CALIFORNIA – When prescribed medications, most do not question their physician and believe he/she is acting in the best interest of the patient. That is not always that case as seen in a recent whistleblower lawsuit against the pharmaceutical giant, Bristol-Myers Squibb. The lawsuit yielded the company and three whistleblowers, who were also former sale representatives for the company a $30 million settlement.
Whistleblowers included Michael Wilson, Lucius Allen, a former LA Lakers Basketball player and his wife, Eve Allen. The whistleblowing trio was represented by the law firm of Waters Kraus & Paul in Los Angeles.
Although Bristol-Myers Squibb did not admit wrongdoing in the lawsuit they did settle in the case alleging drug marketing fraud and physician kickbacks. “Patients have a right to expect medications prescribed for them are based solely on medical need and not because the physician was given tickets to a sporting event or treated to a lavish golf outing,” said Insurance Commissioner Dave Jones. “Illegal and unethical marketing practices put patient health at risk if a medical professional is influenced by the inducements offered by drug makers.”
The California Department of Insurance officials said that Bristol-Myers Squibb, as part of the alleged scene to gain customers offered physicians and their families gifts and cash to increase prescriptions of Bristol-Myers Squibb products. This is illegal as part of the California Insurance Frauds Prevention Act due to the company employing sales representatives who were to use kickbacks to entice sales of the pharmaceutical products.
Included in the medications in which kickbacks were offered were: Plavix, Pravachol, Monopril, Abilify, Glucovance, Metaglip, Glucophage, Glucophage XR, Cefzil, BuSpar, Serzone, Tequin, Pravigard, and Avapro.
Kickbacks included box suites for sporting events which included tickets, food, drinks and parking. Physicians also were offered enrollment in Lakers basketball camp for both doctors and their children, pre-paid golf outings, Broadway plays, monetary incentives , lavish dinners, resort hotel trips, concert tickets and more. These were offered to doctors who were large-volume prescribers, “to induce more prescriptions in the future”, the CDI officials said. Some incentives were simply given to doctors who were responsible for “prescription-drug decisions for formularies”.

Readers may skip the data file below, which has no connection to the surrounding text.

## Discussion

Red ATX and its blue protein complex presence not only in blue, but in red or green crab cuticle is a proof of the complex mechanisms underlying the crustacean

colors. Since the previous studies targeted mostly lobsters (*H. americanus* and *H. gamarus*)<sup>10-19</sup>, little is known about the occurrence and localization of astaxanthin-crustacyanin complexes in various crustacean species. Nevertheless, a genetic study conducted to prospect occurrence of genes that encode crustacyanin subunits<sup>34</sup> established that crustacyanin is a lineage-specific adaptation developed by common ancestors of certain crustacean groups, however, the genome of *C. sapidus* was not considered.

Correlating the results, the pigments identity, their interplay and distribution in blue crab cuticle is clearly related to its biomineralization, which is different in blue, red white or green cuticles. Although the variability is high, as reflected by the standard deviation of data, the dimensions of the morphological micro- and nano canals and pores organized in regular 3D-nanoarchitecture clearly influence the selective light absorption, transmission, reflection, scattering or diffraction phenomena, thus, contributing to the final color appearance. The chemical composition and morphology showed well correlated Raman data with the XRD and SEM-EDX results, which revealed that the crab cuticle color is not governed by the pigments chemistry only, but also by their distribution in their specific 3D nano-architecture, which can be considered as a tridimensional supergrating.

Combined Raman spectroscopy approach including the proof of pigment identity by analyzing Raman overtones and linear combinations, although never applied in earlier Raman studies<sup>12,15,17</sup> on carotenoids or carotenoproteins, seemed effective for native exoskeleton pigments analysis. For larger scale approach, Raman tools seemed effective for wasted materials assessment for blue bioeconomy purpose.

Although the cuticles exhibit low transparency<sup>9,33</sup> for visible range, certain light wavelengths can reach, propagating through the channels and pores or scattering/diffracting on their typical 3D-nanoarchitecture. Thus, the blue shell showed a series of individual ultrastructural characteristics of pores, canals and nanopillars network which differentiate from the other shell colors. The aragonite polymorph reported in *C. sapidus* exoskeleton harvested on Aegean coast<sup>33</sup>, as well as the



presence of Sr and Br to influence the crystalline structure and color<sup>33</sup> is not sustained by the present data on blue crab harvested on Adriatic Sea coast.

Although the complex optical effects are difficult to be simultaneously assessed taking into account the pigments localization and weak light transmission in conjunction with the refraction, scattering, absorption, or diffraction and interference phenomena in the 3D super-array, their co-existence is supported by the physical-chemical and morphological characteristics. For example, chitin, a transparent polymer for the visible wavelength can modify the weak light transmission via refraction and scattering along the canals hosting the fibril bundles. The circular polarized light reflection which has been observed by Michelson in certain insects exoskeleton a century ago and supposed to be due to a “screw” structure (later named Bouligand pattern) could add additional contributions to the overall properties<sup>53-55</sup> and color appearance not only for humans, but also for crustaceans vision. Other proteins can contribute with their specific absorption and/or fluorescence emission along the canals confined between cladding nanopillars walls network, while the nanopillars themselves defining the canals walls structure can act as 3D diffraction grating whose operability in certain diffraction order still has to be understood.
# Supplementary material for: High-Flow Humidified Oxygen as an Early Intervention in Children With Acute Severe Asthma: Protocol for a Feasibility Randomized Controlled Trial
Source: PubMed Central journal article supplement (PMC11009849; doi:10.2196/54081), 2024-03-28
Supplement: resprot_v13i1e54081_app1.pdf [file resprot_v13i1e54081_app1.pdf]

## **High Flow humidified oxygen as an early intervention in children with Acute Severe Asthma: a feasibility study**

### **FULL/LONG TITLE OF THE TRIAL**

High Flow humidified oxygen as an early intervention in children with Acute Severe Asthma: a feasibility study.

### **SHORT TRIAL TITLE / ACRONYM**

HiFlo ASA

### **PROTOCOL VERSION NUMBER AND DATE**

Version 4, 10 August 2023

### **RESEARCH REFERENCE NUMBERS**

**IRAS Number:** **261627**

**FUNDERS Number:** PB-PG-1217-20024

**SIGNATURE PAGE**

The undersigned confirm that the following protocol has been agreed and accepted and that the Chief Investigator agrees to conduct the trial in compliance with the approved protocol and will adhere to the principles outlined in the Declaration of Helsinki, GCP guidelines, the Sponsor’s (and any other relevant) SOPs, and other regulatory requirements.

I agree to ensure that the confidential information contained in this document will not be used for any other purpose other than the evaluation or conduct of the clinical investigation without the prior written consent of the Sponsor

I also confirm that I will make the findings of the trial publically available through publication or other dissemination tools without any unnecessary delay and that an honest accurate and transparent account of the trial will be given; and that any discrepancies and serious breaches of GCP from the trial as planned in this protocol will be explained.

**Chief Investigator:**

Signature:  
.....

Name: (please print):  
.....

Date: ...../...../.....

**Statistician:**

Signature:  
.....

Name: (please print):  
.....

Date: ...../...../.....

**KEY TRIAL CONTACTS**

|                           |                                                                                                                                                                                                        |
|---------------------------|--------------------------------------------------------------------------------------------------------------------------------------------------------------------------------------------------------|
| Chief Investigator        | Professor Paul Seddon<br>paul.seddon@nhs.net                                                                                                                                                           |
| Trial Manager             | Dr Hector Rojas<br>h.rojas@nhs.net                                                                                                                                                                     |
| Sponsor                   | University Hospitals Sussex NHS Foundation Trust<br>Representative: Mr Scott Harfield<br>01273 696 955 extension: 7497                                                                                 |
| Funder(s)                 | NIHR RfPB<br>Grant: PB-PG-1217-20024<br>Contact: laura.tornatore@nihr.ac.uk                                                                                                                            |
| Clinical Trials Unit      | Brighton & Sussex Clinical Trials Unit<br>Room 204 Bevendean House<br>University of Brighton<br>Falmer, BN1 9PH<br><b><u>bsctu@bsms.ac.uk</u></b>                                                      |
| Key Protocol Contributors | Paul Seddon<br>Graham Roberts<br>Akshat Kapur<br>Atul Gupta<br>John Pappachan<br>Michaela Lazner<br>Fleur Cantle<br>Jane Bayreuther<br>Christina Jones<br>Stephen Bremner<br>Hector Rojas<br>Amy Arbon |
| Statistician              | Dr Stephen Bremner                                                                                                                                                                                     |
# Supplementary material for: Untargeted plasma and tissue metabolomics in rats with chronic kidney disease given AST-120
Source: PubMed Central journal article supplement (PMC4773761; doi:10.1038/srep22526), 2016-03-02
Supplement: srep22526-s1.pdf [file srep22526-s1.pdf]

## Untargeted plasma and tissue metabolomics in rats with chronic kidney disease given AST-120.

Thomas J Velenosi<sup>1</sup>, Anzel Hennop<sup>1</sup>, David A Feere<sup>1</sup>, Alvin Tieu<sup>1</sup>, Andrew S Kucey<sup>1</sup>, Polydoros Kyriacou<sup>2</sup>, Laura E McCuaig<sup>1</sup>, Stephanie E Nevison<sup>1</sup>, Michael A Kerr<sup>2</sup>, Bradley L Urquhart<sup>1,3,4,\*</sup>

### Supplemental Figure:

The settlement agreement also requires the Bristol-Myers Squibb complies with all California laws regarding interactions with doctors, including compliance with pertinent provisions of the California Health and Safety Code and the California Insurance Frauds Prevention Act.
The $30 million settlement, as required by the State of California Whistleblower will be split between the whistleblowers and the state. The state will receive over $14 million which will be used enhance future insurance fraud investigations and prevention.
A Bristol-Myers Squibb representative released a statement on Tuesday:
We have resolved this matter with the California Department of Insurance, and are committed to the highest standards of business integrity, vigilance and ethics across our organization. Bristol-Myers Squibb denies any wrongdoing in this matter and we are pleased to put this matter behind us so that we can focus on making transformational medicines for patients battling serious diseases. The Company has chosen this path to achieve a prompt and full resolution of the claims based on alleged marketing practices in California that purportedly occurred from 1997-2003, and to ensure that we continue to focus on our mission of discovering, developing, and delivering innovative medicines to patients with serious illnesses.
- Reseda Mother Arrested for Allegedly Murdering her Three Young Children - Sunday, April 11th, 2021
- Lake Forest Man Kidnaps Woman Blaming Hate Crimes Against Asians - Sunday, April 11th, 2021
- Fontana Man Arrested for Paying Underage Girls for Sex Acts - Tuesday, March 2nd, 2021
- 512px-Four_colors_of_pills: By Ragesoss (Own work) [CC BY-SA 3.0 (http://creativecommons.org/licenses/by-sa/3.0) or GFDL (http://www.gnu.org/copyleft/fdl.html)], via Wikimedia Commons